The recent grilling of TikTok star, Opu Bhai on charges of assaulting, harassing and beating people has drawn attention to these platforms in Bangladesh which many have associated with teenage gang culture. But this mere association fails to address the generation of gang culture because the promotion of gang culture is a political phenomenon perpetrated by the ruling party’s students’ wing event at the school levels. The cultural translation of this political as well as social reality in explicit forms on different platforms is something that unsettles the middle-class audience of culture who also largely decides what qualifies as culture that is the national culture.

Also, what happens when a cultural content maker challenges one or two prejudices of the middle-class (though they share nearly the same prejudices) such as hairstyle? The middle-class audience wants to remove that sign of course (hence the desire to cut Opu Bhai’s hair and even the judge being quite bothered by Opu Bhai’s hairstyle).

As serious as the beating of middle-class educated men by the Opu Bhai gang is, the treatment of Opu Bhai afterwards by the same group exposes the deeply held biases of the educated middle-class among which is the prejudiced treatment of Noakhailla or largely Southern identity. Opu Bhai is also a wannabe ruling class who by the means of his popularity perhaps thought that he had gained access to the ruling class but hopefully a mild session of mob beating before being put in a police van was enough to disillusion him.

It is quite interesting to watch the same middle-class educated group drooling over Lady Gaga or Sia’s hairstyle and enthusiastically despising Opu Bhai’s hairstyle — this not just a simple hypocrisy, it is also the prevailing colonial mind-set worsened by cultural prejudices being carried by both the TikTokers and the educated middle-class group.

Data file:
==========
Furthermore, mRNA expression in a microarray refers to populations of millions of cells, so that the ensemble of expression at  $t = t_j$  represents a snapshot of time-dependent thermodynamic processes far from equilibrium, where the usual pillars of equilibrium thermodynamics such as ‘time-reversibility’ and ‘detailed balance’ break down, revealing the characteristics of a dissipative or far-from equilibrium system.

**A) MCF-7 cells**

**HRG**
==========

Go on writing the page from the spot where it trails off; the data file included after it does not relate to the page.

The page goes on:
When most of the deshi TikTok contents are as much sexist, abusive, racist and filled with moderate-Muslim-like prejudices as the mainstream media contents (but unlike the highly regulated media contents, TikTok has contents which cannot be directly regulated by the govt-media-industry complex), what causes this outrage and this call for preservation of culture? How can you preserve or maintain the existing state of a culture when culture is something that is always mixed and changing? The conformist ideology behind these sentiments is most likely to be the spillage of fascistic political practices in the sociocultural space.

The phantasmic transgression that TikTok or Likee content-making offers through lip-syncing in itself plays on the desire of the ‘bewildered herd’, as Chomsky identifies the group, to live the silver screen fantasy. But is it this transgressive quality added to the content that threatens the fascistic psyche which demands conformism? Or is it that there is an Opu Bhai inside of us all, the educated middle class and our middle-class façade wants to hide this from our sight?

Therefore, when the real Opu bhai is sighted we first take him as a joke and then try to suppress him and impose behaviours and features that we believe to be ourselves. But we are rarely what we think we are. Consequently, we keep betraying ourselves even when we are complying with fascistic practices. And who does not betray himself in fascism? 

Oliur Sun is a non-philosopher.